After a morning of visiting the port of Yangon followed by a couple hours walking around Inye Lake we were eager to make our way to the village Sener had told us about across the river from Yangon. We took the 45 minute cab ride back down to the port and managed to find a long boat about to leave for the village with enough seats for the four of us to sit. By ‘seats’ I mean enough space on the 3-4 planks resting (loosely) from one side of the boat to the other. After about a 20min ride down the river we arrived at our destination and disembarked by walking across the front of the long boat and down a plank set up nearby to the shore (there are no real docks here). We got off, walked up a short paved hill to the main street. Or perhaps I should say ‘the only street’. At the top of the hill the road (about 3-4 meters wide) stretched straight ahead for as long as you could see, and the first 200m of that stretch was fairly congested with motorbikes, bicycles and people milling around on the road itself, which was lined with shops and restaurants. Even more than in downtown Yangon we received stares of curiosity from pretty much everyone! (Towards the end of our 2 hour visit we spoke to a police officer and asked him how many tourists or foreigners they get to the village. He told us that the last foreigners were a couple of Chinese people who visited last week!) Needless to say we were an attraction to the locals.
We veered away from the main road to walk down a side street parallel to the river. There we saw how the villagers lived and interacted with them. Once again, a big smile, a ‘Minglarbar’ and perhaps a wave got a huge smile, a nod and a ‘minglarbar’ in return.
Along the way we noticed this site (below) in one of the front yards and ventured to take a closer look…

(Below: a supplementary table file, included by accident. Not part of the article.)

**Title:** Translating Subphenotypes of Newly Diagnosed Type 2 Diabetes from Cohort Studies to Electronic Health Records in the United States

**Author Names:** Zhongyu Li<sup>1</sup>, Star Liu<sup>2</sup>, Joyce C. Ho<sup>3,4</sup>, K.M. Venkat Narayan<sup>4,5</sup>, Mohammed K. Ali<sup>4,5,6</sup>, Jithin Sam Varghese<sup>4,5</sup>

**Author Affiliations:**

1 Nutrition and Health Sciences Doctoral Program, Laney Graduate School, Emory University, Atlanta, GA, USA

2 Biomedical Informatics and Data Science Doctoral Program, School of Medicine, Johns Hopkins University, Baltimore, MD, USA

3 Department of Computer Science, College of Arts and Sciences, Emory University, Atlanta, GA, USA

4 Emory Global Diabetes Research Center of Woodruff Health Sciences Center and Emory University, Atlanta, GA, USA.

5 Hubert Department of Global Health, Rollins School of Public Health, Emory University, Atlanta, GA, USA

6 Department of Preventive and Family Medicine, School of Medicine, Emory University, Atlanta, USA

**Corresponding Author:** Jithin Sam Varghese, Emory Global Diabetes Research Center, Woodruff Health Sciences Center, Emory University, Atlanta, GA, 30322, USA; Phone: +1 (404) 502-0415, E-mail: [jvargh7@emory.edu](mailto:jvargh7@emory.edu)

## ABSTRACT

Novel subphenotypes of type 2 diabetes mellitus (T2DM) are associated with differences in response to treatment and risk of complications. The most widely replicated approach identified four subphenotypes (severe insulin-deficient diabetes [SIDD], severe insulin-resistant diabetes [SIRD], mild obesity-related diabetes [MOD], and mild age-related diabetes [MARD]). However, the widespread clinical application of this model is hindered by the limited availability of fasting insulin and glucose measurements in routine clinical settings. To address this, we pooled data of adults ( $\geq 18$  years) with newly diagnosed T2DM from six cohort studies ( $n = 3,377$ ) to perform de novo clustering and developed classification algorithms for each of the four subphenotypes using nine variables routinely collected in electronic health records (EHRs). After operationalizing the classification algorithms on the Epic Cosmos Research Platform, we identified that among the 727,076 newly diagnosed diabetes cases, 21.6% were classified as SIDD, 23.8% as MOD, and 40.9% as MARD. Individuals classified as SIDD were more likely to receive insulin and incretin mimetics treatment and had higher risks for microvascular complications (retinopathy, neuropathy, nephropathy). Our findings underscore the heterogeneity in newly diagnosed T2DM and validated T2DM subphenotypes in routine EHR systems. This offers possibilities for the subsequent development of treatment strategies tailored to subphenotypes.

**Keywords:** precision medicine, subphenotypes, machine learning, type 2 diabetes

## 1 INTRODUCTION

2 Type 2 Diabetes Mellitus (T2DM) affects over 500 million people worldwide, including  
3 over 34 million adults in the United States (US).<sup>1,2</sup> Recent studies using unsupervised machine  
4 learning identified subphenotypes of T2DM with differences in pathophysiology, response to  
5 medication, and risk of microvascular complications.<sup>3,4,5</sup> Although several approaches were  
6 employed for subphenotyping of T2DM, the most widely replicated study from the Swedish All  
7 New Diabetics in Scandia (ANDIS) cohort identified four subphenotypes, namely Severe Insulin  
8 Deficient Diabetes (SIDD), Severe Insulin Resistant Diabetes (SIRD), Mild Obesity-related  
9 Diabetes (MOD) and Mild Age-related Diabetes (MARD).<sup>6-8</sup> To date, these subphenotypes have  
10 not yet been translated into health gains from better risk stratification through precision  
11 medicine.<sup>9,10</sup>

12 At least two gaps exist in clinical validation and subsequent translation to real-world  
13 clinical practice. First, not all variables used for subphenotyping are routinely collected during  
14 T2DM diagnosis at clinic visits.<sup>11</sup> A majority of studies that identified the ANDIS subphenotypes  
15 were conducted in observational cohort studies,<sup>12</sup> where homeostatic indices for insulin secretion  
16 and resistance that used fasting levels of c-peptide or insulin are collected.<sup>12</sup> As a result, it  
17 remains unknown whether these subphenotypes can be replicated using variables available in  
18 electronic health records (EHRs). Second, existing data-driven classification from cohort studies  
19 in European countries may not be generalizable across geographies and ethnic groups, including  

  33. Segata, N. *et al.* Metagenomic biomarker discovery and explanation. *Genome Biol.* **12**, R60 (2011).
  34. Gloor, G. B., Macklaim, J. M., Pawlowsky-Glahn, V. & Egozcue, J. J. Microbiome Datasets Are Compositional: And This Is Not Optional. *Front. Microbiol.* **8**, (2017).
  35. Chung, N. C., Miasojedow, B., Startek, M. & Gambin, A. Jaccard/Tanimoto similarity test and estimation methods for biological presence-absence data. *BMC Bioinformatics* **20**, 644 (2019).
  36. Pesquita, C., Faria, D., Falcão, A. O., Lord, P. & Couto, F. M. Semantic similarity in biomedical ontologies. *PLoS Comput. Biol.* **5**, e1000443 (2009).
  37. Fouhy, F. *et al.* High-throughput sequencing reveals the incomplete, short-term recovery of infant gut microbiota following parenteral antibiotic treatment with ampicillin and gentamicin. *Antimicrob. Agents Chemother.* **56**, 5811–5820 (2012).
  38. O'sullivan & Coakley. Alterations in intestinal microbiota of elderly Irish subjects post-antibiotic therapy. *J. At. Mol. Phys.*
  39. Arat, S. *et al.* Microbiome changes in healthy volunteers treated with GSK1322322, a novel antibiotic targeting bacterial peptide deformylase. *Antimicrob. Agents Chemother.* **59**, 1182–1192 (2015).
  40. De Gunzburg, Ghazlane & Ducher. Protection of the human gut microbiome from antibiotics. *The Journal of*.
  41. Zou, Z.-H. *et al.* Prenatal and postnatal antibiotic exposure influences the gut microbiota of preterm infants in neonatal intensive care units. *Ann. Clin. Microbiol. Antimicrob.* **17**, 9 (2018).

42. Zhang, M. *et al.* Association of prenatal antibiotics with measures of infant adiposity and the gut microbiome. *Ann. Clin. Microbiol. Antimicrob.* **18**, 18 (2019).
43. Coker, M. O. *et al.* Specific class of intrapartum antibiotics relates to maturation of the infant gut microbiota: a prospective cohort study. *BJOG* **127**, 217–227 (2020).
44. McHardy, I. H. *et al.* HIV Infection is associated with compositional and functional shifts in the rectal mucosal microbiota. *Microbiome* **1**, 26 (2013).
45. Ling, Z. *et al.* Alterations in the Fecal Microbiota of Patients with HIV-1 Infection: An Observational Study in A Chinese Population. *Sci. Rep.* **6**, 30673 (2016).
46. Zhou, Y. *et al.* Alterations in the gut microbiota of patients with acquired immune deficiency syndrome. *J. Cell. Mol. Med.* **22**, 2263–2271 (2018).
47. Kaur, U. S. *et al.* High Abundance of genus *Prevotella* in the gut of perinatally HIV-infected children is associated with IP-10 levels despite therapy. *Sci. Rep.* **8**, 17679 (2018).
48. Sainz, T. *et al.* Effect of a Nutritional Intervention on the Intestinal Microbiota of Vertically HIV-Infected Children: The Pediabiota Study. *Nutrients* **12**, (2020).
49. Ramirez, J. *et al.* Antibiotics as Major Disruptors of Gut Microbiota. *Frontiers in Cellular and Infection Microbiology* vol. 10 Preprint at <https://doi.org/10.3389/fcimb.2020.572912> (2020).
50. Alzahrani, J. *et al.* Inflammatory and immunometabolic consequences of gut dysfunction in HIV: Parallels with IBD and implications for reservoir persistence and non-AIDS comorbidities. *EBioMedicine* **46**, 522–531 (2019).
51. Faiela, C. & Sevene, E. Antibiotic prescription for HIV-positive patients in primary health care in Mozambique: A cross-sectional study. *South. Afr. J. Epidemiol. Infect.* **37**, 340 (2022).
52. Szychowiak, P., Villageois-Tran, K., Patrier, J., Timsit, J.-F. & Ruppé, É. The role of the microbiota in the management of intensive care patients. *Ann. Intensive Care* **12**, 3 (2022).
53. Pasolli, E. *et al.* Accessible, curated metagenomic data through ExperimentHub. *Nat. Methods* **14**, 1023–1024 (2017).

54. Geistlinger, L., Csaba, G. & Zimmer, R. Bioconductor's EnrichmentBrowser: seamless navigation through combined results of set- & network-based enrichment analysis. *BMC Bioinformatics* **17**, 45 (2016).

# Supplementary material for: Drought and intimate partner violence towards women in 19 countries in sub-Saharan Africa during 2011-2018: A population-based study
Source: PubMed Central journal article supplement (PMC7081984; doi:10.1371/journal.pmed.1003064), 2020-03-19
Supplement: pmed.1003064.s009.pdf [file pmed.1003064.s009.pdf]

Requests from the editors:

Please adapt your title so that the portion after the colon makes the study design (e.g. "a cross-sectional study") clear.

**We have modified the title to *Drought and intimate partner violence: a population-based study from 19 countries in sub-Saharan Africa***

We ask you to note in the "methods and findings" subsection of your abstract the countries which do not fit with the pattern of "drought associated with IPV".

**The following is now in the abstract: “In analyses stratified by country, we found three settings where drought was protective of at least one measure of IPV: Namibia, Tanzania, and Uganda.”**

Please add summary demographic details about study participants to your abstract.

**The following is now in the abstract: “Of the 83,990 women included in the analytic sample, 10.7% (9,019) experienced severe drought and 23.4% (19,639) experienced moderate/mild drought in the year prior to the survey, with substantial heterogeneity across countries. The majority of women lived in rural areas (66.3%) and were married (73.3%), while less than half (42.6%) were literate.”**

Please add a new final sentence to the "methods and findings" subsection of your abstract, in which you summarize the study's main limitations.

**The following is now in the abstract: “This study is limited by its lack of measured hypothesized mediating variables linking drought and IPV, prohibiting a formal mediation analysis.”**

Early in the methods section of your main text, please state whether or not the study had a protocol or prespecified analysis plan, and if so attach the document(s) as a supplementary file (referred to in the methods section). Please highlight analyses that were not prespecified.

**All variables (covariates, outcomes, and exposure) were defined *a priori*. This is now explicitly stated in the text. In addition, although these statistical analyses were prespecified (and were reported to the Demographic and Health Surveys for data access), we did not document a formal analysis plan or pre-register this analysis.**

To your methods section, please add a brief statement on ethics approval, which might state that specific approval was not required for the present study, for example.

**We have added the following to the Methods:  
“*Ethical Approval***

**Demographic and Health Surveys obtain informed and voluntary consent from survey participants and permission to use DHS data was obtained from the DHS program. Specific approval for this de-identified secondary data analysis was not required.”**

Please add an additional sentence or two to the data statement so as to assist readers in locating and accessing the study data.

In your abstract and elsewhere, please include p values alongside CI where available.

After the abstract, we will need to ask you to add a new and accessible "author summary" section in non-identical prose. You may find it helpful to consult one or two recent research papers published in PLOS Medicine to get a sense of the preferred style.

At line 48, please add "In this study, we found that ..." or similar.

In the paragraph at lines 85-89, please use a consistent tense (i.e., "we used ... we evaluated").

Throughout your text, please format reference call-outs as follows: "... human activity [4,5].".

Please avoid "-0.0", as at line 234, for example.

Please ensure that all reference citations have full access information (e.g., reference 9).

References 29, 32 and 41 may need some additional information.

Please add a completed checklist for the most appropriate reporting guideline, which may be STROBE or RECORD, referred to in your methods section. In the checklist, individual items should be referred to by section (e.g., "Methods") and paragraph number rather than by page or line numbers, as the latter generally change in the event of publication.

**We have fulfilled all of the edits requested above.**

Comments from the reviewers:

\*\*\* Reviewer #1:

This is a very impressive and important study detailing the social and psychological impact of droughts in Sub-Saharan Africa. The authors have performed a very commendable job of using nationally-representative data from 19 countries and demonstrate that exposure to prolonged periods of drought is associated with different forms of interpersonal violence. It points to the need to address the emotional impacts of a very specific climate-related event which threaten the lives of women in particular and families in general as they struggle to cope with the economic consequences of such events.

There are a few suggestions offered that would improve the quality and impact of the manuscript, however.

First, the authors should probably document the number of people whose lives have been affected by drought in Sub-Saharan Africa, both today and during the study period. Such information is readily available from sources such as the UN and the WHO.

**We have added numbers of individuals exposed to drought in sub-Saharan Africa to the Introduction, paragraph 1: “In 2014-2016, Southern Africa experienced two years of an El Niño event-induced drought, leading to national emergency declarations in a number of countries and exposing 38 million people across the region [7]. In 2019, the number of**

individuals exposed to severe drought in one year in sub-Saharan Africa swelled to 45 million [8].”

A woman came out of the house and when I asked her (in charades) what it was, she invited me inside to see the whole process taking place. There, in the main part of their home were three men churning charcoal and running it through a hand cranked machine which then spit out these charcoal cylinders, similar to how pasta is made but on a much bigger scale. Each of the three men had a role: one to mix the loose charcoal at the top of the machine in the ‘funnel’ area, the second to turn the crank and the third to catch the cylinders and place them on the rack to dry:
Shortly after, at precisely 3pm we happened upon the elementary school for the village where the kids were just getting out of school. Perfect timing!! And like nearly every other elementary school around the world where there is hot weather, an ice cream vendor was at the gate waiting to make a few sales. The kids were definitely stunned by our presence among the crowd of parents waiting to collect their children. But their apprehension quickly faded when Aki and Sener proceeded to buy out the ice cream vendor and give away bagfuls of icecream popsicles! The swarm of eager kids was a sight to be seen and definitely one of the highlights of the trip so far!!
We eventually ran out of ice cream and had to say farewell to our new young friends. We wandered around the village for a while and eventually made our way back to the main street where we stopped for a bite to eat (I’m definitely not starving on this trip!).
With clouds rolling in and our time running short we finally made our way to the water’s edge and a helpful local suggested we hire a private long boat back to downtown Yangon (for $1.50 total!). We made it back to shore just in time…the minute our feet hit dry land the clouds opened up and it started to pour. Once again, perfect timing!
We grabbed the only cab in sight and headed back to our hotel/hostel to grab our luggage and head for the bus station to head to Bagan on the overnight bus, where I sit and write this post.
Sad to leave Yangon, but looking forward to more adventures ahead. Goodnight.